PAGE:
Business groups sued Connecticut.Law banning mandatory anti-union meetings

  • Connecticut is second state to ban ‘captive audience’ conferences
  • New lawsuit says injunction violates employer’s right to free speech
  • As U.S. labor agency is urged to outlaw meetings

(Reuters) – The U.S. Chamber of Commerce and other business groups filed a lawsuit on Tuesday, claiming that a Connecticut law barring employers from holding mandatory meetings about unions is unconstitutional and should be repealed.

The groups said in a lawsuit filed in federal court in Connecticut that a law passed earlier this year violated companies’ right to free speech by prohibiting them from disseminating truthful information and expressing opinions on important matters.

State law prohibits employers from disciplinary action against workers who refuse to participate in workplace meetings “relating to religious or political matters,” including decisions to join a union.

So-called “captive audience meetings,” in which employers discuss the impact of unions, are routine at union events and legal under the federal National Labor Relations Act (NLRA). But many union and worker advocates say employers use these meetings to discuss the potential downsides of unionizing, giving them an unfair advantage in preventing unions.

Tuesday’s lawsuit alleges that the Connecticut law violated their rights to freedom of speech and assembly under the U.S. Constitution by limiting the ability of employers to provide information about unions. The groups also claim the law has been prioritized by the NLRA.

The Chamber of Commerce is the largest business lobbying group in the United States, joining the National Federation of Independent Business, the National Retail Federation, Allied Builders and Contractors, and several Connecticut-based business groups.

The Connecticut Department of Labor and the Attorney General’s Office, which are listed as defendants, did not immediately respond to requests for comment.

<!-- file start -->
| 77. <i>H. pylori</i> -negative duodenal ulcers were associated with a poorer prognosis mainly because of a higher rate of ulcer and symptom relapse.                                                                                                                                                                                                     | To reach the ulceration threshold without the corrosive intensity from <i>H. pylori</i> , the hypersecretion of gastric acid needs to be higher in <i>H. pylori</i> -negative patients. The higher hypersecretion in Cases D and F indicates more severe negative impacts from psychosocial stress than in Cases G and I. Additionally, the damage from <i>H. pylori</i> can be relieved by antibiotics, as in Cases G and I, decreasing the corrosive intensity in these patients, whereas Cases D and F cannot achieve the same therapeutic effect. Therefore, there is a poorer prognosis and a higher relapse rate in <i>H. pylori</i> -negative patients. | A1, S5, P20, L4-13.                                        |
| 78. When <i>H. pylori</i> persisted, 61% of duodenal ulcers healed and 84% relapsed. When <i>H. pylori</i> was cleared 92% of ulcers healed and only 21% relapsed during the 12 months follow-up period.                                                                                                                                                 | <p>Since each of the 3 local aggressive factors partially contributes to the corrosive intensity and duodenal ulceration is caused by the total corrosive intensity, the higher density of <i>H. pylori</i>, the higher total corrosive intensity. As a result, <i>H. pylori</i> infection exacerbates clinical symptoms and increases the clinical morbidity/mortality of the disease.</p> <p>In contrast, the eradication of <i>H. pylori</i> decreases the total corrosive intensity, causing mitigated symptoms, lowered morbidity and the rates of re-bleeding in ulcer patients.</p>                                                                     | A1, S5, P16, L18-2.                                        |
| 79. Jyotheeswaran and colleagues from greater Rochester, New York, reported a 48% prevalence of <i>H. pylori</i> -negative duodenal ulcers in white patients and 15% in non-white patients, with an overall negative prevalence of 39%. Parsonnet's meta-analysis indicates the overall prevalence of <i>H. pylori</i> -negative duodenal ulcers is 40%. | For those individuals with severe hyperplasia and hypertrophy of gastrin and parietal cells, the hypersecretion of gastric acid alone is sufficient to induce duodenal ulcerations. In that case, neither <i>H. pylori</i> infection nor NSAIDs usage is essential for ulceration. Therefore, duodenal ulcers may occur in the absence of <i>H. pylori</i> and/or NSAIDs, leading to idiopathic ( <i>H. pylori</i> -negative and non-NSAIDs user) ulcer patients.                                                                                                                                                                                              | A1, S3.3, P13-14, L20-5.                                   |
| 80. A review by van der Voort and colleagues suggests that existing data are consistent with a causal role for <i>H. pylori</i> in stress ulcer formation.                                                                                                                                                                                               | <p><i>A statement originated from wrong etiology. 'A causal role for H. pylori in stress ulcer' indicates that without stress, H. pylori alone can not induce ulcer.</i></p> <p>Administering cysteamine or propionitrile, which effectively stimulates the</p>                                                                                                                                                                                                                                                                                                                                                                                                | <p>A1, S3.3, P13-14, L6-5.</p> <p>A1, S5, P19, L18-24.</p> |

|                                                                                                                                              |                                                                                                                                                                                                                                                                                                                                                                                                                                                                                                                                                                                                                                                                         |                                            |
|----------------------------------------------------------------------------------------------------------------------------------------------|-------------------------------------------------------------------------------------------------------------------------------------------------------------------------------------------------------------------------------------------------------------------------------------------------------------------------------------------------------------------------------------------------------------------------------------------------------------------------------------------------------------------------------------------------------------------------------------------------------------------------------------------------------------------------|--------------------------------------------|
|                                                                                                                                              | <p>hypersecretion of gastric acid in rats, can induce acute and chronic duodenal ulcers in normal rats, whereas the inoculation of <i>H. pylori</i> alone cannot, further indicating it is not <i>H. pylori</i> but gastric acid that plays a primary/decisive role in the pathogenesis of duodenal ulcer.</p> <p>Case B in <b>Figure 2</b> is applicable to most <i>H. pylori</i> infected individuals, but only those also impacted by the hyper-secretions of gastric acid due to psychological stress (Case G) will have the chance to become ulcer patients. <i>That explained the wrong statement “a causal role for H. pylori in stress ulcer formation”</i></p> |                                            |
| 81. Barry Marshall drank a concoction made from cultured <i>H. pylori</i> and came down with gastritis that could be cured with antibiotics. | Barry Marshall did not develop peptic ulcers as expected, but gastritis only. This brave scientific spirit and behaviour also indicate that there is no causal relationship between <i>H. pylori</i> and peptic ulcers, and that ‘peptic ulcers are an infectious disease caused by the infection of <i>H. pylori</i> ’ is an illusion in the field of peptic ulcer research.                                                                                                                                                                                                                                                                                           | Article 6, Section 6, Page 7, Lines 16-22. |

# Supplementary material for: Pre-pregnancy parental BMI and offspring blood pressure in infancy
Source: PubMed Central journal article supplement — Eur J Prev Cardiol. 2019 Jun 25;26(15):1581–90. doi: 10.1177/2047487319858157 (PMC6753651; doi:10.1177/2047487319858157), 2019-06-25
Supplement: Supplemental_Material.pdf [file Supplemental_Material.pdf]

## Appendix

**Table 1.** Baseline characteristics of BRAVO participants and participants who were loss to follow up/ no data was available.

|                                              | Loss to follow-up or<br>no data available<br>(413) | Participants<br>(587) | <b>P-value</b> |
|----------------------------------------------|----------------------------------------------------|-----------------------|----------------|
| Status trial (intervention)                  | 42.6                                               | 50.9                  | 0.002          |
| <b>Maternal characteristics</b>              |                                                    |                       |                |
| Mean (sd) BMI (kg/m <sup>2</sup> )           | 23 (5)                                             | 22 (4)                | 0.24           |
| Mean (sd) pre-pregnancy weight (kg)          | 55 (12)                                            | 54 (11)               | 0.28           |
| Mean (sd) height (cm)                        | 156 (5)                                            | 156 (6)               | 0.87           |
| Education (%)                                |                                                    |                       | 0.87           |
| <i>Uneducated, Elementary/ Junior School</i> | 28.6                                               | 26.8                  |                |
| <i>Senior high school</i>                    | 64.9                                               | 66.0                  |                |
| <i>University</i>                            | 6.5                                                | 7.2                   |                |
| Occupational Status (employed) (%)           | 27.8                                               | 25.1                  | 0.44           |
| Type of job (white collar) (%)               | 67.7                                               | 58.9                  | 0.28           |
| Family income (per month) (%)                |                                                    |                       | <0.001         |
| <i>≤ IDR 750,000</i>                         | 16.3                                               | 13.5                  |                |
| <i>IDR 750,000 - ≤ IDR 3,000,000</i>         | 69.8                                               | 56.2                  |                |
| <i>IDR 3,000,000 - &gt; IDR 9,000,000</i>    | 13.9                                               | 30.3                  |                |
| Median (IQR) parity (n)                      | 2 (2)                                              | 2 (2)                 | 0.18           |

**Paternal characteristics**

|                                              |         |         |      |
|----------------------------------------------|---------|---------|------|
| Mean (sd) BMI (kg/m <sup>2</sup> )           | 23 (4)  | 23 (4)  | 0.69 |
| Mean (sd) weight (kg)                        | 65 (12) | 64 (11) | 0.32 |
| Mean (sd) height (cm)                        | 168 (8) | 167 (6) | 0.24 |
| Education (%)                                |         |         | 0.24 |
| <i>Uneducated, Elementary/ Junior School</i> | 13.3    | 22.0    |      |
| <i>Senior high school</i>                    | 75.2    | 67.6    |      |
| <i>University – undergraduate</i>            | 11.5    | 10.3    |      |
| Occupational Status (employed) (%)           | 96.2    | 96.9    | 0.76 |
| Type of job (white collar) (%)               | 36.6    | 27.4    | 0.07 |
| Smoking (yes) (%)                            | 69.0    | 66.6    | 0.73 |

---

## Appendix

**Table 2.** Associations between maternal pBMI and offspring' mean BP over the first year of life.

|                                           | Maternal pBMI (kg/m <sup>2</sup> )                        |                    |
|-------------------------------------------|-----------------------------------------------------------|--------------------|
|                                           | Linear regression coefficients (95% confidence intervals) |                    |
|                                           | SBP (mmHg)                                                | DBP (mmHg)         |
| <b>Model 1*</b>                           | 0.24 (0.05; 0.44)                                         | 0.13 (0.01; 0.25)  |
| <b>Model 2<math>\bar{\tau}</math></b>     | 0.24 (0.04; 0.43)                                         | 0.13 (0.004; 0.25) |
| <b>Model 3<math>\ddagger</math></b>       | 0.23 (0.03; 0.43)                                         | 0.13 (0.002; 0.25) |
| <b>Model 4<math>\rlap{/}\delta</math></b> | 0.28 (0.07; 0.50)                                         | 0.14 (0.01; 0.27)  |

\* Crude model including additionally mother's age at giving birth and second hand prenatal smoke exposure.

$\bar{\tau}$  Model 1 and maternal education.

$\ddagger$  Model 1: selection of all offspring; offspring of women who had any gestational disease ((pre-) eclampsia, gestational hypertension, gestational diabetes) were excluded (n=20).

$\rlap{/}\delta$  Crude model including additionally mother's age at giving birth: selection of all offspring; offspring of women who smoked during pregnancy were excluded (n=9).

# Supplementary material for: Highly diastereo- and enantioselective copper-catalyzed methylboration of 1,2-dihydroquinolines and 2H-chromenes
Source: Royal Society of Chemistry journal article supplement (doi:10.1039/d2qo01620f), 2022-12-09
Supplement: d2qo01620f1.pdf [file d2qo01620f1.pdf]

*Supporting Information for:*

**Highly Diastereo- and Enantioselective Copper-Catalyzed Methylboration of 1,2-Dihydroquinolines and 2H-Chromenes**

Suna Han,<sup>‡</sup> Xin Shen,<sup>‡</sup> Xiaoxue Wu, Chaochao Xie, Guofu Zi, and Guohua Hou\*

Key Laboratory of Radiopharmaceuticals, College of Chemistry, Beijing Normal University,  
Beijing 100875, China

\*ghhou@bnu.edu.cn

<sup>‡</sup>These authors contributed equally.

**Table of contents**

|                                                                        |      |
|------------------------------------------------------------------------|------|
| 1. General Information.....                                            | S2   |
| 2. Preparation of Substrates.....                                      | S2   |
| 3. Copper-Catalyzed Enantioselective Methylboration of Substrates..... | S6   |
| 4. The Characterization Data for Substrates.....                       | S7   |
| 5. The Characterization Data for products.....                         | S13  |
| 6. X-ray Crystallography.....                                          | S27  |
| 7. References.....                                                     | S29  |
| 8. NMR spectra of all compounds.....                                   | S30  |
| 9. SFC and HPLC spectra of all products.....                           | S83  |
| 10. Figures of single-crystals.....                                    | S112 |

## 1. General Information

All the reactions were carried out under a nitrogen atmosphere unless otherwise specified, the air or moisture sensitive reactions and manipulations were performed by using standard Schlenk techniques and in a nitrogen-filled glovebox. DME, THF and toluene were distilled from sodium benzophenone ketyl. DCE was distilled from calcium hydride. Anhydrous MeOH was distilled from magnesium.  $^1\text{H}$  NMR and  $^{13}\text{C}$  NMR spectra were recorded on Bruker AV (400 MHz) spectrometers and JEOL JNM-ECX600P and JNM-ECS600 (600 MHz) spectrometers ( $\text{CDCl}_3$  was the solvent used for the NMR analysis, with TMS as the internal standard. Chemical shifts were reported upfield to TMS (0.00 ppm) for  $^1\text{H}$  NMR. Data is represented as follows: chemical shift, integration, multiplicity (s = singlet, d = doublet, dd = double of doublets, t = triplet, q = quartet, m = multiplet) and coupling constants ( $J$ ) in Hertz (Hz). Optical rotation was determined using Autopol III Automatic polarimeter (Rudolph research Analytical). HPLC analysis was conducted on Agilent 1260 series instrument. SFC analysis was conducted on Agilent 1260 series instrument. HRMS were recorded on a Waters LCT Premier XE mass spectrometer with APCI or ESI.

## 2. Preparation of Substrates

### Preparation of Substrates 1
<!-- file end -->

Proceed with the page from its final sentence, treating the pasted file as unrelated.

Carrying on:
The only state to ban exclusive audience meetings is Oregon, which did so in 2009. The National Labor Relations Board, which enforces the NLRA, challenged the Oregon law in 2020, but a federal judge ruled the agency lacked standing to sue.

In Chamber of Commerce v. Brown in 2008, the U.S. Supreme Court said that California law prohibiting employers from using state funds “to assist, promote, or prevent union organization” had been preempted by the NLRA.

Glenn Spencer, the chamber’s senior vice president for employment policy, said in a statement that, like the law in the case, the Connecticut injunction violates longstanding precedent regarding employers’ right to free speech.

“We will continue to defend the right of employers to share their opinions with employees so employees can make informed decisions,” Spencer said.

The lawsuit comes as NLRB’s current general counsel, Jennifer Abruzzo, is urging the five-member board to overturn an 80-year-old precedent that allowed exclusive audience meetings. Democratic President Joe Biden’s appointee Abruzzo said in an April memo that the meetings discourage employees from exercising their right not to hear anti-union messages.

Abruzzo’s office issued a complaint in May, saying Amazon violated the NLRA by holding a captive audience meeting at a New York City warehouse that later became the company’s first to unionize. Amazon denies wrongdoing.

The case is the United States Chamber of Commerce v. Bartolomeo, U.S. District Court for Connecticut, No. 3:22-cv-01373.

Group: Bryan Killian or Morgan Lewis & Bockius; Maurice Baskin or Little Mendelsohn

For Connecticut: Not available

read more:

Why the Labour Council wants to free ‘captive’ workers from bosses’ messages

NLRB takes second shot in overturning Oregon’s ‘captive audience’ conference law

Amazon’s exclusive employee meeting on unions illegal, labor board officials find

Our Standard: The Thomson Reuters Trust Principles.

Daniel Wiesner

Thomson Reuters

Dan Wiessner (@danwiessner) reports on labor, employment and immigration law, including litigation and policy development. He can be reached at

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